What's behind China's record sale of dollar bonds
Matteo Giovannini
China will raise a record 6 billion U.S. dollars through bond sale. /VCG Photo

China will raise a record 6 billion U.S. dollars through bond sale. /VCG Photo

Editor's note: Matteo Giovannini is a finance professional at ICBC in Beijing and a member of the China Task Force at the Italian Ministry of Economic Development. The article reflects the author's opinions, and not necessarily the views of CGTN.

China's role in global financial markets is getting increasingly important. Having been included in major global indexes such as the Morgan Stanley Capital International (MSCI) and the Bloomberg Barclays and having currently the world's third-largest equity market and the world's second-largest bond market does not stop China from seeking more ambitious goals.

This is reflected in the launch on Tuesday of China's largest dollar bond sale in a move that has doubled last year's issuance and tripled that of 2017. It will satisfy global investors' demand for a higher-yielding dollar debt and increase diversification for Chinese corporations when they need to raise capital.

The issuance hits the market with a government bond offering that rose to six billion U.S. dollars with tenures of three years, five years, 10 years and 20 years, making it the biggest offering for China. The three-year, five-year, 10-year and 20-year issues have been priced 35, 40, 50 and 70 basis points above benchmark U.S.treasuries.

After roughly 15 years of no offshore bond activity, China has revived its international debt issuance program, returning to the dollar bond market in 2017 with an offer of two billion U.S. dollars.

Pedestrians walk past a branch of the Bank of China in Yichang, Hubei Province, June 25, 2015. /VCG Photo

Pedestrians walk past a branch of the Bank of China in Yichang, Hubei Province, June 25, 2015. /VCG Photo

According to the term sheet of the deal, China has given a mandate to a pool of 13 banks for a U.S. dollar bond issue. The Bank of China and Bank of Communications have been appointed as joint lead managers while China Construction Bank, China International Capital Corporation (CICC), Bank of America, Crédit Agricole, CTBC Bank, Deutsche Bank, Goldman Sachs, HSBC, JPMorgan, Mizuho Securities and Standard Chartered have been appointed as joint book runners.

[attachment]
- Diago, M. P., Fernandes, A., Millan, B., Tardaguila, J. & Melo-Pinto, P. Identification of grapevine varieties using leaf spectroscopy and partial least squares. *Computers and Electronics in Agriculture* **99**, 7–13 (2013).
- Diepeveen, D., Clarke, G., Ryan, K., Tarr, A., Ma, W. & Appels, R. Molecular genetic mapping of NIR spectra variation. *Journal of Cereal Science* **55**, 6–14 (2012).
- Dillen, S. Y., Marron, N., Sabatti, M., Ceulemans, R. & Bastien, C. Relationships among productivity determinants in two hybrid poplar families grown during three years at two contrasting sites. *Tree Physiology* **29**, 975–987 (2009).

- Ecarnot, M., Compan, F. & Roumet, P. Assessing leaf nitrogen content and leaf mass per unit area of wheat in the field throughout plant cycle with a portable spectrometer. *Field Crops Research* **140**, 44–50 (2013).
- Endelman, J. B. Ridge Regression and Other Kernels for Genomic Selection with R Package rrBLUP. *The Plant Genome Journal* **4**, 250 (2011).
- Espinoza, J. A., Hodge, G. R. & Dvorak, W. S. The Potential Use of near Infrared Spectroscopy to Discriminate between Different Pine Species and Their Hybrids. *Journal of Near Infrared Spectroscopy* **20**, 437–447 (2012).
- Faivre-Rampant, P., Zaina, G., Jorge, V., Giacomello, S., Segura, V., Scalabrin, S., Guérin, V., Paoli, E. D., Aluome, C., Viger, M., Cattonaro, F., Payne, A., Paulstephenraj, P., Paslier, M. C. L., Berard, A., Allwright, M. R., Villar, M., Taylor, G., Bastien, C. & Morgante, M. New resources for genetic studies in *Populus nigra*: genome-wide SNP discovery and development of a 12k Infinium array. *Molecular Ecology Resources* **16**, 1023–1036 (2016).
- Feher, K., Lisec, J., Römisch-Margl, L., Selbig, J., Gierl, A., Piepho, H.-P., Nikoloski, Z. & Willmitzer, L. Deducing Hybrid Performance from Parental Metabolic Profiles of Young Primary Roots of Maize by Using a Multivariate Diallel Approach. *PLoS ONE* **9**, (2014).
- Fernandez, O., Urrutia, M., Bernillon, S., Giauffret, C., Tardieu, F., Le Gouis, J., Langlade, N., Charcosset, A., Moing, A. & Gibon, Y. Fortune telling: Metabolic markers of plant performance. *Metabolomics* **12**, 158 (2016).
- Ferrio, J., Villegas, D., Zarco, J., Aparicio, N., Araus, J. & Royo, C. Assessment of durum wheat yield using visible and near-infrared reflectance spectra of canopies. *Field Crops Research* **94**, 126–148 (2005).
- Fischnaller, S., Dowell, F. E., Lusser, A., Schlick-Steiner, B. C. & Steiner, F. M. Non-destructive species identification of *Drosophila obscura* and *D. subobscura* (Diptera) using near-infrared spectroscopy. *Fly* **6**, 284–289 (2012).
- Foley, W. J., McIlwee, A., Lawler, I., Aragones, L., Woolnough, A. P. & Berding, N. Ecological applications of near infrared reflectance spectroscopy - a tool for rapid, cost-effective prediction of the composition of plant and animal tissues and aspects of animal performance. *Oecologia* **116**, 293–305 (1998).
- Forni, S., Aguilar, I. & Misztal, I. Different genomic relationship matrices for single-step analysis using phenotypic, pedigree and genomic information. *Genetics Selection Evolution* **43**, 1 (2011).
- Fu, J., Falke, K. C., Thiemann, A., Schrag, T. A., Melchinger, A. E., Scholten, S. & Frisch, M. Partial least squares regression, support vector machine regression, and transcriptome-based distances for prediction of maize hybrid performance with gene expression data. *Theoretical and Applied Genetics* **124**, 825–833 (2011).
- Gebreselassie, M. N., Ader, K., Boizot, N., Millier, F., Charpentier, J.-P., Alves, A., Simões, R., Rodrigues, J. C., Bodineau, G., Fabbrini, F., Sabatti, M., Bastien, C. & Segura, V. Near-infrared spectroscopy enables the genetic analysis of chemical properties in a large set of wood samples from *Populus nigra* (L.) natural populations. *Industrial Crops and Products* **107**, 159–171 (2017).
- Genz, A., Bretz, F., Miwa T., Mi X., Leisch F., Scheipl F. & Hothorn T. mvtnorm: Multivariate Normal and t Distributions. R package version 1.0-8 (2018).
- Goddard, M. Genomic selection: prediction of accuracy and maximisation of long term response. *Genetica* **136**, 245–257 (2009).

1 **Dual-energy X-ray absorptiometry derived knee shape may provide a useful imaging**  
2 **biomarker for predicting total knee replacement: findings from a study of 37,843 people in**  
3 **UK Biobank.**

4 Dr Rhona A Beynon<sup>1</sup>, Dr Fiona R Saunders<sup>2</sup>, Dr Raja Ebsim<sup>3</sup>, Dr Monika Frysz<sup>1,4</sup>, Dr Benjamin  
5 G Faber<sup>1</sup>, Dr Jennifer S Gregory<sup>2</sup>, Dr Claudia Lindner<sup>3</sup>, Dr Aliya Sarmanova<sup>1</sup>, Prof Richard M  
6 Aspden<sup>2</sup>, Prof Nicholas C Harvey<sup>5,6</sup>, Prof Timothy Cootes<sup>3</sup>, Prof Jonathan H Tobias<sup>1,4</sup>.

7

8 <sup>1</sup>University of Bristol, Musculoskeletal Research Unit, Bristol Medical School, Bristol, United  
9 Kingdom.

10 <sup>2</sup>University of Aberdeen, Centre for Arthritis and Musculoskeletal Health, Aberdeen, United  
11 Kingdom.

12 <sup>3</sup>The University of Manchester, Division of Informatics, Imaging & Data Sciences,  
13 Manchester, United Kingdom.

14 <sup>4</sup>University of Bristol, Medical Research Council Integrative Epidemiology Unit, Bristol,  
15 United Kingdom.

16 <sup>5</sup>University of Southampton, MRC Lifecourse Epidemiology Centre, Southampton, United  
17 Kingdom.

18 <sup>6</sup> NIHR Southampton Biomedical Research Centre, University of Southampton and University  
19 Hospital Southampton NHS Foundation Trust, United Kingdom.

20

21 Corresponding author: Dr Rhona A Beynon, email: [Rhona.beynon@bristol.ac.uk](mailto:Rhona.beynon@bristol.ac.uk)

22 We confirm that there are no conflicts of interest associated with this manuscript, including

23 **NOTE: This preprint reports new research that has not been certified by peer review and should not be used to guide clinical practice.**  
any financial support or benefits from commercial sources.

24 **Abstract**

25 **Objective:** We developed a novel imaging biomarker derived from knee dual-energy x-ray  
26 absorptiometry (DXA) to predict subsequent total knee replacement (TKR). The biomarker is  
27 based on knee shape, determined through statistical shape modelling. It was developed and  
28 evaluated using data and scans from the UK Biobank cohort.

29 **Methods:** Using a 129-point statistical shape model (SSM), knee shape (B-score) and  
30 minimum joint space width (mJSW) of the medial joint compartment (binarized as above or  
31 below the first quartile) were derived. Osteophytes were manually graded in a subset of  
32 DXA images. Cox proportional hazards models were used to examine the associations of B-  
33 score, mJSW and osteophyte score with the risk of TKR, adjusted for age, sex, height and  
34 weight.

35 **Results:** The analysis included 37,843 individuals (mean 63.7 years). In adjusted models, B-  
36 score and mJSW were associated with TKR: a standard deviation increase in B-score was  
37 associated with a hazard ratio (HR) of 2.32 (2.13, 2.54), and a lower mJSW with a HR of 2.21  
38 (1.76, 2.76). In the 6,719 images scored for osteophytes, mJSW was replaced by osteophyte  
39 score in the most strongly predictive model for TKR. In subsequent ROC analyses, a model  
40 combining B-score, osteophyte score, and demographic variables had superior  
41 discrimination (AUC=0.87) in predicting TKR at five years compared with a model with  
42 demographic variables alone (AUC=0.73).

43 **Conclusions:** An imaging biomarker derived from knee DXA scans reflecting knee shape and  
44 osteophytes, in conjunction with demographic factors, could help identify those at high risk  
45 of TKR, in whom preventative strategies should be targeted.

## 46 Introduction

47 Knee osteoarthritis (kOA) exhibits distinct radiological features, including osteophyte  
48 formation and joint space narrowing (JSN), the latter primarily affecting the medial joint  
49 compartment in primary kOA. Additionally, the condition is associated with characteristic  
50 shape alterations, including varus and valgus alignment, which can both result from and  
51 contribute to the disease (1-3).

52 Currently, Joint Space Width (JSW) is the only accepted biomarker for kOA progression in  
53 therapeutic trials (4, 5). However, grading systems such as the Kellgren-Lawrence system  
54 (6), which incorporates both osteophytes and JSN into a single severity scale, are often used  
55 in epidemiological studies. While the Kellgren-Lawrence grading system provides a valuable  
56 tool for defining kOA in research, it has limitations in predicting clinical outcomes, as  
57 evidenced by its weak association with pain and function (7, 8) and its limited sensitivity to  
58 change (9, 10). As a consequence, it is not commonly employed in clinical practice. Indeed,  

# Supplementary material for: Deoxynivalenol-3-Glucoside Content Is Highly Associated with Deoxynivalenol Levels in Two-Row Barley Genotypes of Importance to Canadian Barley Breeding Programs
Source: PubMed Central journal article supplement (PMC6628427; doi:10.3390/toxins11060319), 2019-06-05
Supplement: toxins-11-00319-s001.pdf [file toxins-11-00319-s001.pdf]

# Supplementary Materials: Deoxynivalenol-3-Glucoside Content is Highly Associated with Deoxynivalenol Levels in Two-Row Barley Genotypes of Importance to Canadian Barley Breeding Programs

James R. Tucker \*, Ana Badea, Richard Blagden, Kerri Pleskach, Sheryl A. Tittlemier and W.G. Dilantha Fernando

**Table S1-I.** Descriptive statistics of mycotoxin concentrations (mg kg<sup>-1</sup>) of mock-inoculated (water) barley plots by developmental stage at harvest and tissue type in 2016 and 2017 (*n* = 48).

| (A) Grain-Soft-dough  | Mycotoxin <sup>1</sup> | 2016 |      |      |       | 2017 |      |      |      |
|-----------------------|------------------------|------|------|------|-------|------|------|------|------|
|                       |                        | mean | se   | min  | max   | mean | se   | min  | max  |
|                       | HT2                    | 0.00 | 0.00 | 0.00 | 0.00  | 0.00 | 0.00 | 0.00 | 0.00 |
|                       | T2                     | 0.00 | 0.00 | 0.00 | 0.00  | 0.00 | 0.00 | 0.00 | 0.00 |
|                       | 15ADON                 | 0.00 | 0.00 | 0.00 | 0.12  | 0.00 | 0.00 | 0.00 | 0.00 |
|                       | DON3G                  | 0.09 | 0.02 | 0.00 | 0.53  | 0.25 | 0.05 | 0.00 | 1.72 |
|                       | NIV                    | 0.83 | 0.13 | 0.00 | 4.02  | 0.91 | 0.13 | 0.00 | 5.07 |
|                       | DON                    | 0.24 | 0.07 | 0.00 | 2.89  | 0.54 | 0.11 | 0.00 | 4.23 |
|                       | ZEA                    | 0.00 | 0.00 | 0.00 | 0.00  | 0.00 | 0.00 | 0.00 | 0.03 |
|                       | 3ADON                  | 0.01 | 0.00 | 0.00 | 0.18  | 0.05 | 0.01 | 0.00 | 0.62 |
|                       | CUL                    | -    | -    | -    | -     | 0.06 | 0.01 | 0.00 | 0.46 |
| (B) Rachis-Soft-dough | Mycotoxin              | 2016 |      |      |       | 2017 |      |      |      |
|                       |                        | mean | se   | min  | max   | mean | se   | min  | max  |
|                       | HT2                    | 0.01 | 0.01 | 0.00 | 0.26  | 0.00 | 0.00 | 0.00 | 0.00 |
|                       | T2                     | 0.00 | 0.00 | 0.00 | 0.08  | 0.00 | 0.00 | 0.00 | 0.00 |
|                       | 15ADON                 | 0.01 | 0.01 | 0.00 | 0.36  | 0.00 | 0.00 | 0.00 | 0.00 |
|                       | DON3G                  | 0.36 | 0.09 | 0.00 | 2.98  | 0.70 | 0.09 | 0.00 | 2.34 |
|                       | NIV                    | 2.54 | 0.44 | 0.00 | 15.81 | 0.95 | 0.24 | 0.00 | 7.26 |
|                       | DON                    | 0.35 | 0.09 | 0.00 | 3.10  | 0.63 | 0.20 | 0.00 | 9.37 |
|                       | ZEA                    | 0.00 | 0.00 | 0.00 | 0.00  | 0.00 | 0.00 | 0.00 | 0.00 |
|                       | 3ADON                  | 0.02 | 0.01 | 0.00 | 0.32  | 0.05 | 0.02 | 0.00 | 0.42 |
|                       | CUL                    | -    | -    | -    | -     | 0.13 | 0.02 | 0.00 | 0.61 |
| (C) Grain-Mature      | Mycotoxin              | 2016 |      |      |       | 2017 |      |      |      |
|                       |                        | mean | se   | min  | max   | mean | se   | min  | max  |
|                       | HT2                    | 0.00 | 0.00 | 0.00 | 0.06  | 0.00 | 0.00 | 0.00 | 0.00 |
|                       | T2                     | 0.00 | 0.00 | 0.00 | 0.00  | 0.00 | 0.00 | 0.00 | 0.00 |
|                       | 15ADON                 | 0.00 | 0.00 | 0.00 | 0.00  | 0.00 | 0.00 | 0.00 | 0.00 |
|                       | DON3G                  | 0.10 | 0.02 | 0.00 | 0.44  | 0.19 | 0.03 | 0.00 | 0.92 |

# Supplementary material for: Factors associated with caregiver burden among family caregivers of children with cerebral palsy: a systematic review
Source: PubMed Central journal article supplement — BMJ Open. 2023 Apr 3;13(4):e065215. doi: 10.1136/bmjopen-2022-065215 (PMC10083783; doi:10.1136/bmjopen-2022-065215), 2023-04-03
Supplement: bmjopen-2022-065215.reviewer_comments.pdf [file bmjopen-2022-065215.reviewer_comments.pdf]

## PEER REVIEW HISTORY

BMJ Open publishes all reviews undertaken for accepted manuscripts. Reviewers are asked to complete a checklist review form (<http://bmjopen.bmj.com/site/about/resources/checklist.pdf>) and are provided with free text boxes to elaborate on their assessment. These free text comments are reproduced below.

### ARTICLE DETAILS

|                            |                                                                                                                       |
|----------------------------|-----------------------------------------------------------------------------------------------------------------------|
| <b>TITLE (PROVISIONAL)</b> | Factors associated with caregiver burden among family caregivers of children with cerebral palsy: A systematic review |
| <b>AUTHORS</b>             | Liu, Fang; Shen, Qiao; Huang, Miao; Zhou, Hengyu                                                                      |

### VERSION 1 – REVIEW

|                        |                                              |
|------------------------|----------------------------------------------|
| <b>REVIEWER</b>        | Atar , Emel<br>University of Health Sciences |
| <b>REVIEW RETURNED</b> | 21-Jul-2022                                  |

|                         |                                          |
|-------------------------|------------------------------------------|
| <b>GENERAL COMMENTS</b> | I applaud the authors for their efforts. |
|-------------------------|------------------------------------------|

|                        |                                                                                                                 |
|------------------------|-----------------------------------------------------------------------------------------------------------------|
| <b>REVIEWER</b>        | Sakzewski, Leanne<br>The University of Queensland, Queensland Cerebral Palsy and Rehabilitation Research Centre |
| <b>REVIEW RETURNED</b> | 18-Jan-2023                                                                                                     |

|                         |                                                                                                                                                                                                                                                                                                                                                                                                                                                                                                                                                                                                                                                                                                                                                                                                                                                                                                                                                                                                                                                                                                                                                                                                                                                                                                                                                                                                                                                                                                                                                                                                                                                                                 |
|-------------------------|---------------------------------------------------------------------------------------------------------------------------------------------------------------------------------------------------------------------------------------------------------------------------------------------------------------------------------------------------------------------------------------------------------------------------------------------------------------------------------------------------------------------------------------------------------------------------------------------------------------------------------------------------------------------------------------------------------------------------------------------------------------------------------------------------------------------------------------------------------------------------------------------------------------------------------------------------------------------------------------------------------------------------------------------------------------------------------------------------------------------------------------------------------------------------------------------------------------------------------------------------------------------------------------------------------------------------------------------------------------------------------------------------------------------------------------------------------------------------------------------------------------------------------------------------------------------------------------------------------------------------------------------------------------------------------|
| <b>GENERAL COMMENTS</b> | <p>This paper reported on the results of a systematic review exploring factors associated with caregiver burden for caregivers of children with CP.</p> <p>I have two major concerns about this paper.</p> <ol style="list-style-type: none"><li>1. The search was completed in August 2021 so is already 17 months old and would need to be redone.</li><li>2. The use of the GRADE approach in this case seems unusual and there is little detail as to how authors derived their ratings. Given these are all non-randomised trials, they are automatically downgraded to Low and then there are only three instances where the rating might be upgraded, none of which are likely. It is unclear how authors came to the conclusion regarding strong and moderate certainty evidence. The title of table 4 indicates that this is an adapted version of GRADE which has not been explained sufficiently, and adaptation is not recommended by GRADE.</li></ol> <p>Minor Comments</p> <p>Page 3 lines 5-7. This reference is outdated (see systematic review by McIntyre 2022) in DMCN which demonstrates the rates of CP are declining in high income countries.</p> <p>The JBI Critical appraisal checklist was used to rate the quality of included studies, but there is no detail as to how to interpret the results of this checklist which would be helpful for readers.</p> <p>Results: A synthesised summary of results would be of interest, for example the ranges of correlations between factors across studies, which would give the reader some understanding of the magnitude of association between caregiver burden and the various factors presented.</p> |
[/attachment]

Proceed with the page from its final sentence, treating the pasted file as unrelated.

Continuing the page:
China's economy currently represents around 20 percent of global GDP with a market capitalization of its equity market at about six trillion U.S. dollars and a bond market capitalization of 12 trillion U.S. dollars, ranking as the world's second largest debt market. 

The Chinese dollar bond market is valued at around 740 billion U.S. dollars, according to Bloomberg data, and represents an important source of funding for local borrowers that can get an exposure to offshore bond markets.

Although China has the world's second-largest bond market, it still remains relatively underdeveloped where foreign investors own a tiny part of the Chinese bond market compared to a much more consistent foreign ownership across the developed markets such as Germany, France and the UK.

To give an example, the record sale that China has just reached isn't huge in relation to some other sovereigns such as Italy, which sold 7 billion U.S. dollars of dollar bonds last month, and Argentina which sold 9 billion U.S. dollars in January 2018.

These figures show clearly that China has untapped potential within its domestic market. The country is currently building its domestic institutional investor base where banks are the main bondholders. This represents a different landscape from overseas markets where pension funds, mutual funds and insurers are the major bondholders.

The U.S. dollar bond issue does not represent a stand-alone market operation. China sold its first euro-denominated bond in 15 years earlier in November, raising 4.4 billion U.S. dollars and making stakeholders predict that European markets will become a larger source of funds for China in the upcoming future.

The issuance of dollar-denominated and euro-denominated bonds have both a strategy at its core. The euro issuance's aim is helping to guide corporate issuance away from dollar-denominated debt, especially in a historical period when China and the United States are involved in a long-lasting trade war and where Europe is considered a more trustworthy partner.

The dollar issuance aims at accumulating dollar borrowings because once China replaces the dollar as a reserve currency with the Chinese yuan, it is going to be much cheaper to repay the dollar debt with U.S. currency that is not so strong and popular anymore. 

China, in this sense, is playing a long game that goes beyond any other country's prediction and that will make the Chinese financial market stronger, self-reliant, and in perspective with a truly globally accepted currency.

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